One difference between a fighter and a Champion is that a fighter can have an off day, but a Champion, well, fans just don't allow him to have an off day. And there is another difference -- when you are the Champion, your opponent sees you as a golden opportunity to improve their stock with an upset. Which may explain why, with two decent rounds behind him, Nakasako decided to taunt Bonjasky in the third, dropping his guard and swaggering some. If this was meant to put Bonjasky off his game, it was a brave gamble.
Like many brave gambles, it failed.
It was midway about through the third when Bonjasky got Nakasako in the corner and brought the right knee up to score his first down. Nakasako had committed, and so elected to keep up his cocksure act afterwards. We soon had a tragicomic moment, when just as Nakasako was staring down Bonjasky, mean-like, the Dutchman deftly snapped a high kick up to the Japanese fighter's head, and laid him out flat.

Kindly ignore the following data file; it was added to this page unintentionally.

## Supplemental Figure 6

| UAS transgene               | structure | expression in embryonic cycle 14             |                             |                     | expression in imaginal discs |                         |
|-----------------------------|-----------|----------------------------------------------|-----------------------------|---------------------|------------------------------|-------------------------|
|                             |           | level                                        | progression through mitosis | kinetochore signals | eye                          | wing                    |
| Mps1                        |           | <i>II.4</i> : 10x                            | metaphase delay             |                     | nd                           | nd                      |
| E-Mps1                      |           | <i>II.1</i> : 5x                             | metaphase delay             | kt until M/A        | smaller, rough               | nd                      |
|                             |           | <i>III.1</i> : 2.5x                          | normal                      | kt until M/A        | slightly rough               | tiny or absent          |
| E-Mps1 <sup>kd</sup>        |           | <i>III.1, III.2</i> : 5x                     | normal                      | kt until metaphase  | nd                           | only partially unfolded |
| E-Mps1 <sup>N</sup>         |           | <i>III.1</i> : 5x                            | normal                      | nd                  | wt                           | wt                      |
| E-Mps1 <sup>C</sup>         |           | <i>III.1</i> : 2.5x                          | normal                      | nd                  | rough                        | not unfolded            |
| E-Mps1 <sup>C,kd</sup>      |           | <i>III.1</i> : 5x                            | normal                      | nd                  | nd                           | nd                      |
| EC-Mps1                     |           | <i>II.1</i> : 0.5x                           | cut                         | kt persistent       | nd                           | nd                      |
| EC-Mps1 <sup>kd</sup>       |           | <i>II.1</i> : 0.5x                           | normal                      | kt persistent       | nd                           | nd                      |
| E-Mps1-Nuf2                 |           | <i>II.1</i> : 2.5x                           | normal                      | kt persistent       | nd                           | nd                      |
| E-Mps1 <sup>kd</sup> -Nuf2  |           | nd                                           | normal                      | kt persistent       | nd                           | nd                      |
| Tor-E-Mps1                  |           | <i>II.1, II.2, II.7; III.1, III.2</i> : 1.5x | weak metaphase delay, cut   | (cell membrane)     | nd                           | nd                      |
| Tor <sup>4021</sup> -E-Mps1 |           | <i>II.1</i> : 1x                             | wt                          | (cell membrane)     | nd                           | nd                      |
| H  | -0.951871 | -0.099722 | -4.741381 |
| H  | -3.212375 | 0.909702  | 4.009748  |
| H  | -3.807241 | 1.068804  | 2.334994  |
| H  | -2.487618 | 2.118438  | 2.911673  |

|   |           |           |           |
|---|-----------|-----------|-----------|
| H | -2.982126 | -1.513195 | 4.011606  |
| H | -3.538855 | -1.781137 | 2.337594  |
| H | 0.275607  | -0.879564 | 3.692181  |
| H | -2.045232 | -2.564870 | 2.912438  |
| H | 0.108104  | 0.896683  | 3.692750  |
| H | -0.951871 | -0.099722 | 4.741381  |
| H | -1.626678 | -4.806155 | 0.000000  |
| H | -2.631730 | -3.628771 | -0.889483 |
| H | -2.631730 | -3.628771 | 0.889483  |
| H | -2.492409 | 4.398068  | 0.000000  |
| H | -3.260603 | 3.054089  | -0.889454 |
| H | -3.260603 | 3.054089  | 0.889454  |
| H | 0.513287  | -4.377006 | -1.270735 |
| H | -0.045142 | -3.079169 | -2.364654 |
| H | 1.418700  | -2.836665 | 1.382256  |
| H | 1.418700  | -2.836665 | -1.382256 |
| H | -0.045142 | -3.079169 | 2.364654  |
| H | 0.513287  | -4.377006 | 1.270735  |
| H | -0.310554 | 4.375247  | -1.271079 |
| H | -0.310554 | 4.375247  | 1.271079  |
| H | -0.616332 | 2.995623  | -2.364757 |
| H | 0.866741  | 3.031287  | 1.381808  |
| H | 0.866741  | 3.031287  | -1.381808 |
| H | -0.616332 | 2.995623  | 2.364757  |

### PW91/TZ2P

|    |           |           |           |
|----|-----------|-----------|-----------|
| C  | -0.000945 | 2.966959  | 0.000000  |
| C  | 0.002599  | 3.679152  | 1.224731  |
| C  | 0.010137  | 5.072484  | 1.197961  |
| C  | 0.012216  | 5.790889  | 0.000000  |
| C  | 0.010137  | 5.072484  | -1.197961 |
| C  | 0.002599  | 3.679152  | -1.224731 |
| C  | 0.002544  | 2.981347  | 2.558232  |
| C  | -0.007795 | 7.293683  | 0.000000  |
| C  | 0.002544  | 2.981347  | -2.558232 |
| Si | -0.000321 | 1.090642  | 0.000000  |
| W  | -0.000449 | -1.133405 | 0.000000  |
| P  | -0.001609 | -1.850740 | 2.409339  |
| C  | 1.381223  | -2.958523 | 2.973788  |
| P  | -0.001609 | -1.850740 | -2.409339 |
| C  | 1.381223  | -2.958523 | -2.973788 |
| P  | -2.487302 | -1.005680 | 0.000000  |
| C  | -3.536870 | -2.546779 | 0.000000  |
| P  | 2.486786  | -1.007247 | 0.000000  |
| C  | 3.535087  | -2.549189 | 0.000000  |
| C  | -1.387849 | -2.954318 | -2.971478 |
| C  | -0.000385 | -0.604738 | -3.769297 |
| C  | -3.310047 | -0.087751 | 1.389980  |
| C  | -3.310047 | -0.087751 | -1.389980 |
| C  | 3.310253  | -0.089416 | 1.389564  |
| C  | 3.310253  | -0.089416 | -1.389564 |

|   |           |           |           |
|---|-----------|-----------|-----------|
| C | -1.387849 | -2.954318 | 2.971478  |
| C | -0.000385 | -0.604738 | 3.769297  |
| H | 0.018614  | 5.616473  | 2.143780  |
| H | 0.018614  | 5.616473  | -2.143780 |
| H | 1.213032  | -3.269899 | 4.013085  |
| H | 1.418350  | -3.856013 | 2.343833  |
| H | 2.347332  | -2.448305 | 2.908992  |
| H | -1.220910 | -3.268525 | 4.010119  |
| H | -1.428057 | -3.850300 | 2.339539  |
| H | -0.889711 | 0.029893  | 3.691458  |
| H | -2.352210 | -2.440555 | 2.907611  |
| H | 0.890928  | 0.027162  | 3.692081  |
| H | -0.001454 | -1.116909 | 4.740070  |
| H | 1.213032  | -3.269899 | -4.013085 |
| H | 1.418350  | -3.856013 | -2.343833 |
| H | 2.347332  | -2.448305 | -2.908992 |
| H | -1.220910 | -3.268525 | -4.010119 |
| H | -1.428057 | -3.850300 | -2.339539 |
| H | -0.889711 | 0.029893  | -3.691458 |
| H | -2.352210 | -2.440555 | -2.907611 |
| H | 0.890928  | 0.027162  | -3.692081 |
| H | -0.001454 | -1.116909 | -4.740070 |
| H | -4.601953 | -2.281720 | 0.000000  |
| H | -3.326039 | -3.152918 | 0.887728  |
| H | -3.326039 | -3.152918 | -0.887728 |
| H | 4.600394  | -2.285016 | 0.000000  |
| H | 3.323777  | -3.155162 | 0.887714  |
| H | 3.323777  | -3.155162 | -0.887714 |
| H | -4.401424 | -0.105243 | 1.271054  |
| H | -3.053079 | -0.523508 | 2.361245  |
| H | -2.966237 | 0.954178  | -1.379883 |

To his credit Nakasako got back to his feet, but there followed a frenzied Bonjasky attack which had Nakasako swaying, stumbling, and finally falling for the third and final time just five seconds before the bell. A masterful win befitting the world's best K-1 fighter.
"I was a little tense in the first round," said Bonjasky afterwards, "but I got better as the fight went on. Nakasako is very tough, but when he let his arms slacken in the third, dropping his guard like that, my corner called for me to throw the left high kick and I finished him off."